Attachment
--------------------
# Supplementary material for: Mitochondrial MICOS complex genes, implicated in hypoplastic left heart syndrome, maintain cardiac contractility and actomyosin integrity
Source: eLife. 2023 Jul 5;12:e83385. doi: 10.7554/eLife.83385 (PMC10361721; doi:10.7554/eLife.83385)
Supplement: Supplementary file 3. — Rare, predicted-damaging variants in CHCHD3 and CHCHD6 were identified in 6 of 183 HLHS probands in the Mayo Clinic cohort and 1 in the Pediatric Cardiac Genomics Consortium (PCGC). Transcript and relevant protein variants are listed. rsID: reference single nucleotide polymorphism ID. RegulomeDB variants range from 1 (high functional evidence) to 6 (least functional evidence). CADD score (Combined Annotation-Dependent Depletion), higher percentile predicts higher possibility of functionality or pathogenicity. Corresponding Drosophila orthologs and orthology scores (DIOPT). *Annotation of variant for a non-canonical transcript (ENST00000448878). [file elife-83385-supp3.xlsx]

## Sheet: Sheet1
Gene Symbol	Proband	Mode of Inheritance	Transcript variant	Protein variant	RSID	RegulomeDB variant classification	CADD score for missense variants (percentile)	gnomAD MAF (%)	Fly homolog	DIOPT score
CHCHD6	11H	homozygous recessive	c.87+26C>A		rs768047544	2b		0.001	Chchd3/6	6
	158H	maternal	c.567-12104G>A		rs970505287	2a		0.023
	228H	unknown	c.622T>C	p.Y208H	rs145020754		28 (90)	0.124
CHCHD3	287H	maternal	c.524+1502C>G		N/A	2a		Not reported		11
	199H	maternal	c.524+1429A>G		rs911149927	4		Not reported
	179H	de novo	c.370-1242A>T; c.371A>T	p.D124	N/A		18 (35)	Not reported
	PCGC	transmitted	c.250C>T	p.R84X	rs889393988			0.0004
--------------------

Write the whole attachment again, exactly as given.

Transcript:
# Supplementary material for: Mitochondrial MICOS complex genes, implicated in hypoplastic left heart syndrome, maintain cardiac contractility and actomyosin integrity
Source: eLife. 2023 Jul 5;12:e83385. doi: 10.7554/eLife.83385 (PMC10361721; doi:10.7554/eLife.83385)
Supplement: Supplementary file 3. — Rare, predicted-damaging variants in CHCHD3 and CHCHD6 were identified in 6 of 183 HLHS probands in the Mayo Clinic cohort and 1 in the Pediatric Cardiac Genomics Consortium (PCGC). Transcript and relevant protein variants are listed. rsID: reference single nucleotide polymorphism ID. RegulomeDB variants range from 1 (high functional evidence) to 6 (least functional evidence). CADD score (Combined Annotation-Dependent Depletion), higher percentile predicts higher possibility of functionality or pathogenicity. Corresponding Drosophila orthologs and orthology scores (DIOPT). *Annotation of variant for a non-canonical transcript (ENST00000448878). [file elife-83385-supp3.xlsx]

## Sheet: Sheet1
Gene Symbol	Proband	Mode of Inheritance	Transcript variant	Protein variant	RSID	RegulomeDB variant classification	CADD score for missense variants (percentile)	gnomAD MAF (%)	Fly homolog	DIOPT score
CHCHD6	11H	homozygous recessive	c.87+26C>A		rs768047544	2b		0.001	Chchd3/6	6
	158H	maternal	c.567-12104G>A		rs970505287	2a		0.023
	228H	unknown	c.622T>C	p.Y208H	rs145020754		28 (90)	0.124
CHCHD3	287H	maternal	c.524+1502C>G		N/A	2a		Not reported		11
	199H	maternal	c.524+1429A>G		rs911149927	4		Not reported
	179H	de novo	c.370-1242A>T; c.371A>T	p.D124	N/A		18 (35)	Not reported
	PCGC	transmitted	c.250C>T	p.R84X	rs889393988			0.0004